BELGRADE – It has been a year since the main concerns in the Balkans regarding regional economic integration were – is mini-Schengen initiative just a substitute for the lack of commitment of the EU, is it a tool for creating a new Yugoslavia or is is just shifting the focus away from disappointment caused by the postponement of the opening of EU accession negotiations with Albania and North Macedonia. Some of the critics even went further to call this initiative “a cheap political trick that would only look good on paper.”
A year later, things became clearer and it could be said that nothing and everything has changed.
Why is “mini-Schengen” not fully endorsed by the WB6?
The idea of creating a “mini-Schengen” came in October 2019, as Prime Minister of Albania Edi Rama and Prime Minister of North Macedonia Zoran Zaev, together with President of Serbia Aleksandar Vučić met in Novi Sad and declared that this initiative is open to all of the countries of the region and that it will strive to achieve “four freedoms” in the Western Balkans.
To promote this idea as a truly regional one, Serbia insisted on attracting all of the WB six countries to join the initiative, even Kosovo, which it did not recognize. When asked about this, Vučić stated that recognition in this matter is irrelevant, as “it has nothing to do with the flow of goods, people, services and capital.”
On the other hand, Kosovo’s leaders were strongly opposing the idea, until the Washington agreement, which stated that “Belgrade and Pristina will join the ‘mini-Schengen’ zone, which Serbia, Albania and North Macedonia declared in October 2019, and will take full advantage of it.”
After praise coming from Albania, North Macedonia and Serbia, for the decision to join the initiative, up until this date, Kosovo did not attend any of the meetings, nor did it sign a recent memorandum on the fight against COVID-19.
As for Bosnia and Herzegovina and Montenegro, despite many invitations, they have decided to remain spectators.
“As an idea, ‘mini-Schengen’ unfortunately did not manage to reignite the spark for closer regional cooperation and integration in an area regulated by EU’s 4 freedoms,” explains Srđan Majstrović, Chairman of the Governing Board of the European Policy Centre – CEP and a member of the Balkans in Europe Policy Advisory Group (BiEPAG), for EWB.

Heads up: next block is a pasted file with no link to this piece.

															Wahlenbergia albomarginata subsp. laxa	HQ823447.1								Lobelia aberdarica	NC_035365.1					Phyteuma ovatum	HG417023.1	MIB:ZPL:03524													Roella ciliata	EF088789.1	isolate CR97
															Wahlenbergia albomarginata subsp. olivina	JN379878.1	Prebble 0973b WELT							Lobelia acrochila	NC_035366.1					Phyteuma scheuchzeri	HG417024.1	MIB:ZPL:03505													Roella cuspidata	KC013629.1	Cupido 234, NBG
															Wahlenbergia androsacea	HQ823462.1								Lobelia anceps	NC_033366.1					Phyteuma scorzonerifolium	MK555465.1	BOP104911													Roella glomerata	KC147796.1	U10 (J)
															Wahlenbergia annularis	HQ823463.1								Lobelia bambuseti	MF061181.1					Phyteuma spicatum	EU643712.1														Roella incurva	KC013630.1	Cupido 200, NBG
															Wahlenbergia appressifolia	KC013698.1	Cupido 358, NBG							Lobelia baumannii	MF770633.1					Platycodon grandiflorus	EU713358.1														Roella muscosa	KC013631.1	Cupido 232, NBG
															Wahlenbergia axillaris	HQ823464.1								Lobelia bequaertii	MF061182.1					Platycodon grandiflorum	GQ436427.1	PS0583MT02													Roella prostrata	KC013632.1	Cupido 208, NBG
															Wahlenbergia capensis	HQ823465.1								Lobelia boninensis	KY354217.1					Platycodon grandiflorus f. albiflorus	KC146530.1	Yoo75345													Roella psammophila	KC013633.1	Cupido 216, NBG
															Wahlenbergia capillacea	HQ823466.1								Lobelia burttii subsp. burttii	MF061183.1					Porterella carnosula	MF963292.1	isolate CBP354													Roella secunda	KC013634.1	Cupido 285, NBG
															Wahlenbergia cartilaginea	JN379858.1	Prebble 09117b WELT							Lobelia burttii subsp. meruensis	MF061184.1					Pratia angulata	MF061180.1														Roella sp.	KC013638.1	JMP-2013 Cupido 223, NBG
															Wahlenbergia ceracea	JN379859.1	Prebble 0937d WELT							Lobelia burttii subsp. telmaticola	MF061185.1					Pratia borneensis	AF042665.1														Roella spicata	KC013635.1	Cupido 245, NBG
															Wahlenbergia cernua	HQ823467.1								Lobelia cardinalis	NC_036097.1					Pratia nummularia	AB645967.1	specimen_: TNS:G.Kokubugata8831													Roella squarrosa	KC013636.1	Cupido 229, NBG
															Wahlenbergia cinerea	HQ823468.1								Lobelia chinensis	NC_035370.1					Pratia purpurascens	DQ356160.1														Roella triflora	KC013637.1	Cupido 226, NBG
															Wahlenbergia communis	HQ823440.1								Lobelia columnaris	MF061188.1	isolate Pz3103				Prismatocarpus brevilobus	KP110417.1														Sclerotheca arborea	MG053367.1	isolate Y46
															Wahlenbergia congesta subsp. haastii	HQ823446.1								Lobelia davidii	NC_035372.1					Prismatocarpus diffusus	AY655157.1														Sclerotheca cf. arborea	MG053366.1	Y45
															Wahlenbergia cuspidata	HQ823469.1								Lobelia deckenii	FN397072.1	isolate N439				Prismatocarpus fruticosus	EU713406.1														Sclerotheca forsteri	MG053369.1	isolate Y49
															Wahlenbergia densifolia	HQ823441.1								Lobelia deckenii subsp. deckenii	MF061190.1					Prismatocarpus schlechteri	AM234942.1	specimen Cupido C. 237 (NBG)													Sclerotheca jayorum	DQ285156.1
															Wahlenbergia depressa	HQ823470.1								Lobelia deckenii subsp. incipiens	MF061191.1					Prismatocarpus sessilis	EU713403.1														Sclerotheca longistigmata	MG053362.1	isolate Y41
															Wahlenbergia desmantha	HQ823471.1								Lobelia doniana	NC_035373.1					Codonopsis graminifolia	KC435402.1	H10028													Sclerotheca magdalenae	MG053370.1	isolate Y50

He explains that even though it was perceived as a sound initiative, “mini-Schengen” failed to get on board all the countries from the region, thus failed to secure the respect of inclusiveness as one of the major principles of the regional cooperation in the process of region’s EU integration.
One of the crucial questions last year, when the countries announced the establishing of “mini-Schengen” initiative, was whether this idea will become just a substitute for the lack of commitment of the EU.
The initiative was then and to some, still, seen as one out of many that would ease a disappointment caused by the postponement of the opening of EU accession negotiations with Albania and North Macedonia. Therefore, the countries were reluctant to join, believing that this would slow down an already slow pace towards full EU integration.
Majstorović points out that the initiative failed to explain clearly that it never intended to be an alternative to EU accession of all WB6 countries.
“Unfortunately, it was not well prepared since initiators simply failed to note that some of the countries might not be interested in establishing brand new regional initiative. Finally, it showed a realistic picture regarding the level of mistrust in the region and how difficult it is to establish a trustworthy atmosphere among the WB six, even in those situations which might contribute to faster EU accession of them all,” says Majstrović for EWB.
What are the achievements of the Initiative?
In November, Vučić and Rama signed an agreement that enabled the citizens of Serbia and Albania to enter the territory of the other with a valid biometric ID card. This interstate agreement between the two countries was perceived as a first concrete move in year-long cooperation.
During the same meeting, the leaders of Albania, North Macedonia and Serbia signed a memorandum on cooperation in the fight against the COVID-19 pandemic.
According to the memorandum, the three countries will now share information on the virus, and a negative PCR tests will not be required for travelling between the three countries. In addition to this, the memorandum stipulates that should citizens of one country become infected while visiting the other country, they will be able to receive free treatment.
Despite these tangible results, so far it seems that the initiative overpromised, and underdelivered, or it is perhaps yet to deliver?
Is “mini-Schengen” a necessity with the existence of the Regional Economic Area?
In a region that is for decades burdened by multifaceted conflicts, any form of regional cooperation is highly welcomed, especially since it is one of the requirements for EU membership.